Articles - November 2012

The unprepared future of an exophonic refugee

Gabriele Mintz and her father, Max; at right, Gabriele's passport photo. Courtesy of Marjorie Perloff.

The argument of Unoriginal Genius[1] is whole and sufficient. It hardly requires the assistance of — nor should its beloved author have to tolerate the prospect of reduction by — my quasi-psychoanalytic reading of the book’s stirring culmination in its chapter on exophonic writing. So attracted am I to the refugee’s story of discontinuity and yet nonalienation, and its possible effect on all subsequent forays into language, I can’t help myself. To be sure, the final section on Kenneth Goldsmith’s Traffic (chapter 7) is really theargument’sconclusion, but “Language in Migration” (chapter 6) is the capstone of its poetics, standing at the limit of its emotive (if I may) trajectory, Perloff’s strongest ever embrace, via Susan Howe and Caroline Bergvall, of a poetry she intensely admires for its exploration of “speaking patterns,” including “slips of the tongue or of the culture” (131; emphasis added).  In her many talks, lectures, interviews, and reviews — through her willingness generally to speak freely on almost any topic — Marjorie Perloff has had a great deal to say about “slips … of the culture.” But here, in Unoriginal Genius, that interest, which accumulated through the years of culture wars in the late 1980s and early 1990s, and developed further through the 1990s and 2000s, has found its proper place within a poetics positioned against the “culturally pluralistic, yet divided, and markedly monolingual society” — a society that “harass[es]” and “discriminat[es]” against such mis-spokenness rather than appreciating and indeed celebrating, as I believe Perloff does, art that arises from the special trauma induced by the linguistic politics of such monoculture (131, 132).

Becoming Marjorie Perloff

Marjorie Perloff at Dumbarton Oaks, 1957. Image courtesy of Marjorie Perloff.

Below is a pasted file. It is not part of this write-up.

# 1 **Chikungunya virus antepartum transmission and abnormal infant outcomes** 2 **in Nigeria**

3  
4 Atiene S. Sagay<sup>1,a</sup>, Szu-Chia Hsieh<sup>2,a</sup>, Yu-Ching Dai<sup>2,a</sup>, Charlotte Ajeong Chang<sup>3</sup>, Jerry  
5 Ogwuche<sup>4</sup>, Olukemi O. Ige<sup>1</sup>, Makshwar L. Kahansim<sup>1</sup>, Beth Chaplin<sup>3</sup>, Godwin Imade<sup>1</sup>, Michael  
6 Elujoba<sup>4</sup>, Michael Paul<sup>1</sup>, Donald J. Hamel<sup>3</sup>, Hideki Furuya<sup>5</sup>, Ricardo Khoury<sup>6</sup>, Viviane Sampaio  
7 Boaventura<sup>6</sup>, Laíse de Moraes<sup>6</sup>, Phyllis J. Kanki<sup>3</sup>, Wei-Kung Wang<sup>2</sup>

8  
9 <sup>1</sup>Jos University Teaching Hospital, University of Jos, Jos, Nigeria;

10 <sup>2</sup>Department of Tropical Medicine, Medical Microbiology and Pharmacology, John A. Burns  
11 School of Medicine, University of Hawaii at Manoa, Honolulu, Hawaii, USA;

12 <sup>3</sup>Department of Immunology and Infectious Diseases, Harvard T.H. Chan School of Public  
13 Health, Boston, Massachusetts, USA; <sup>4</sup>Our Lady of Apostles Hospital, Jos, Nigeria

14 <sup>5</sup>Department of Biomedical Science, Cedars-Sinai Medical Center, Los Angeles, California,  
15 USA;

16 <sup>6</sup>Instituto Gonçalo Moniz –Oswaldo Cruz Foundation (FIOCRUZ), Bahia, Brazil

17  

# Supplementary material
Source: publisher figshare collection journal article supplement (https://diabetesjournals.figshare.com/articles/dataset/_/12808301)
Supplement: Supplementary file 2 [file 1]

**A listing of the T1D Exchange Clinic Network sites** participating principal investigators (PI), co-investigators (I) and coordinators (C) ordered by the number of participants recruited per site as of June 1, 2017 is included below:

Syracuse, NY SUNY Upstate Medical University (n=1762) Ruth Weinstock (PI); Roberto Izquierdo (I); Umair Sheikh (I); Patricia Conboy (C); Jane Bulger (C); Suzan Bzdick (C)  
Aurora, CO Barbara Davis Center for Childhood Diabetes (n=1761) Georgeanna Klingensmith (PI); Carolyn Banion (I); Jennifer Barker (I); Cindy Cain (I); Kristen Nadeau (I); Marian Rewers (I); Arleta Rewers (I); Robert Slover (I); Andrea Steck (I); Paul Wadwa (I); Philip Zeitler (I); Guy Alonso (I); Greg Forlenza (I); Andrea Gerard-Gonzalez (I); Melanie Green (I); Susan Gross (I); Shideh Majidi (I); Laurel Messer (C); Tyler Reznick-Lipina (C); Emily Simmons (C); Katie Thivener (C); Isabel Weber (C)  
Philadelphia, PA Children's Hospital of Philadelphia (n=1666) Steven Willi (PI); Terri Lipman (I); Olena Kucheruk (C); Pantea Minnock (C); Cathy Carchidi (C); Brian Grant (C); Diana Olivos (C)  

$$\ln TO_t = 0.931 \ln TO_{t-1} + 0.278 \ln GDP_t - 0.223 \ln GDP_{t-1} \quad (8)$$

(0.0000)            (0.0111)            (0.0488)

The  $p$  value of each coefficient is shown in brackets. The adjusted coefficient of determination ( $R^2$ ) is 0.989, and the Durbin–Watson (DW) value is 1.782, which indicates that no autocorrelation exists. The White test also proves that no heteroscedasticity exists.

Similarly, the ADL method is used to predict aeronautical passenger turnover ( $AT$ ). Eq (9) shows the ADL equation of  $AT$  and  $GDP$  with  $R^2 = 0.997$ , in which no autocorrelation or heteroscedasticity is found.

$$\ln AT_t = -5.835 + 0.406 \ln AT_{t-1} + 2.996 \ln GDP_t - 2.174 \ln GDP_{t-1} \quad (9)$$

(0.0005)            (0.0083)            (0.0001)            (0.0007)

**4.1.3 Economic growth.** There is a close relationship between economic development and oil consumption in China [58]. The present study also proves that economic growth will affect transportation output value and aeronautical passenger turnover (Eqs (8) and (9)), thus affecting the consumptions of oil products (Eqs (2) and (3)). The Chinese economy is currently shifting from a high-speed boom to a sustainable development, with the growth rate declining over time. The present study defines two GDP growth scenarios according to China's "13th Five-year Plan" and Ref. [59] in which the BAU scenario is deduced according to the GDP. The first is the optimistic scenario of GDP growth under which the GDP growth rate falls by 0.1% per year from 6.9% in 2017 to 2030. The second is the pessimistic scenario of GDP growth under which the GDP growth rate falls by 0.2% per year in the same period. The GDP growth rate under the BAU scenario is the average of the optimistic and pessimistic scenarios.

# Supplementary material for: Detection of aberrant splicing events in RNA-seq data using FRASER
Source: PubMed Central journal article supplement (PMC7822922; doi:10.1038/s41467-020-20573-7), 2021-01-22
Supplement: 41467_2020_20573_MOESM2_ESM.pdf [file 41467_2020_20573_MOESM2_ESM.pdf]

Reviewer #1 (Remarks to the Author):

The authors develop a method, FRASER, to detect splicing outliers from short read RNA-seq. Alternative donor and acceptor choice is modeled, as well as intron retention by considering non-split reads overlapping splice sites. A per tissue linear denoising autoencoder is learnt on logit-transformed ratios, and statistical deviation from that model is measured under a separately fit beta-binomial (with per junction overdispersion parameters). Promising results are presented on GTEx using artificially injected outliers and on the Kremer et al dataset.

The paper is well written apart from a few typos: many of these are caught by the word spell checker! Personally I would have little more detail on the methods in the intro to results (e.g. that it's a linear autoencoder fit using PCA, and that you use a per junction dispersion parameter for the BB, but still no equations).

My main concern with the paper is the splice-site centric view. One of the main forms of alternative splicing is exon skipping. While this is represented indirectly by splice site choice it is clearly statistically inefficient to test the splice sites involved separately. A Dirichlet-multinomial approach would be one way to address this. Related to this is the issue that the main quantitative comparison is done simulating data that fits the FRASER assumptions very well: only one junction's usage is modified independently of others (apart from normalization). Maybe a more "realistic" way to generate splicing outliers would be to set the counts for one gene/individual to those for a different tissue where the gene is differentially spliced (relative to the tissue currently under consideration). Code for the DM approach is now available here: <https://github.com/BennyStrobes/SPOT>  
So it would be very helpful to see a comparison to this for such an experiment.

When does a literary critic reach maturity? Looking back over Marjorie Perloff’s career, one could point to “Poetry Chronicle: 1970–71” (1972),[1] an omnibus review of more than thirty recently published books, as a possible candidate. Perhaps for the first time, instead of building on others’ insights, she actively sought to reshape literary opinion based on her own, independent observation and judgment.

“Poetry Chronicle” opens with a provocative quotation from Peter Schjeldahl — “Robert Lowell is the least distinguished poet alive” (97) — and goes on to declare the emergence of a new literary star, Frank O’Hara. Perloff marvels that a formerly “underground” writer’s “Collected Poems should now have appeared in an expensive glossy edition, brought out … by the venerable Alfred A. Knopf, and that [his] poetry, largely ignored by the Establishment during his lifetime, should win the National Book Award” (97–98). Moreover, while the “autobiographical elegiac mode inaugurated by Lowell’s Life Studies” (1959) might still have adherents — she mentions Denise Levertov’s To Stay Alive (1971) and John Berryman’s Love and Fame (1970) — “the real action now seems to be elsewhere,” namely, among O’Hara’s New York School imitators, whose works, like his, are typified by “improvisation, immediacy … catalogues of concrete images[,] … racy, purposely outrageous diction, and a very loose free verse line” (98).

'The Poetics of Indeterminacy: Rimbaud to Cage'

Perloff (center) with others at the "What Is a Poet?" symposium at the University of Alabama conference, 1984.

Perloff’s writing in The Poetics of Indeterminacy: Rimbaud to Cage (Princeton University Press, 1981) is first and foremost addressed to resistant, uncomprehending, or skeptical readers. For a generation schooled in seeking and interpreting symbols in poetry, she proposes to delineate the pleasures of an Other Tradition that favors surfaces over depth and linguistic indeterminacy over symbolic coherence. One of the ways she wins over the reluctant reader is to show that the Other Tradition operates much more like a modern art than it does like a symbolist poetry.

'Radical Artifice'

A page of John Cage’s ‘Roaratorio’ in Perloff’s Radical Artifice. Image courtesy of Marjorie Perloff.

During a season of two-word movie titles with hard consonantal punch — Home Alone, Total Recall, Die Hard, Naked Gun — I listened to Charles Bernstein and Marjorie Perloff pair other words to communicate the essence of her forthcoming book. Old terms — avant-garde, experimental, innovative — seemed worn out. So did the academically toned nuances of “studies,” “approaches,” or “investigations.” More tired were the residuals of the plague of postmodern “signs” of the “hetero-hegemonic” “(un)conscious” and other neo- and pseudologisms.

Four wheels and a broken glass

Form is resistant. In the words of the linguist Roman Jakobson, quoted by Marjorie Perloff in one of her more influential books, Radical Artifice: Poetry in the Age of Media (University of Chicago, 1994), “form exists only insofar as it is resistant.” This insistence on the materiality of textual form is one of Marjorie Perloff’s methodological and ideological constancies, one of her main critical vantage points. Form as cognate structure, context carrier, unfixed play, semantic regeneration.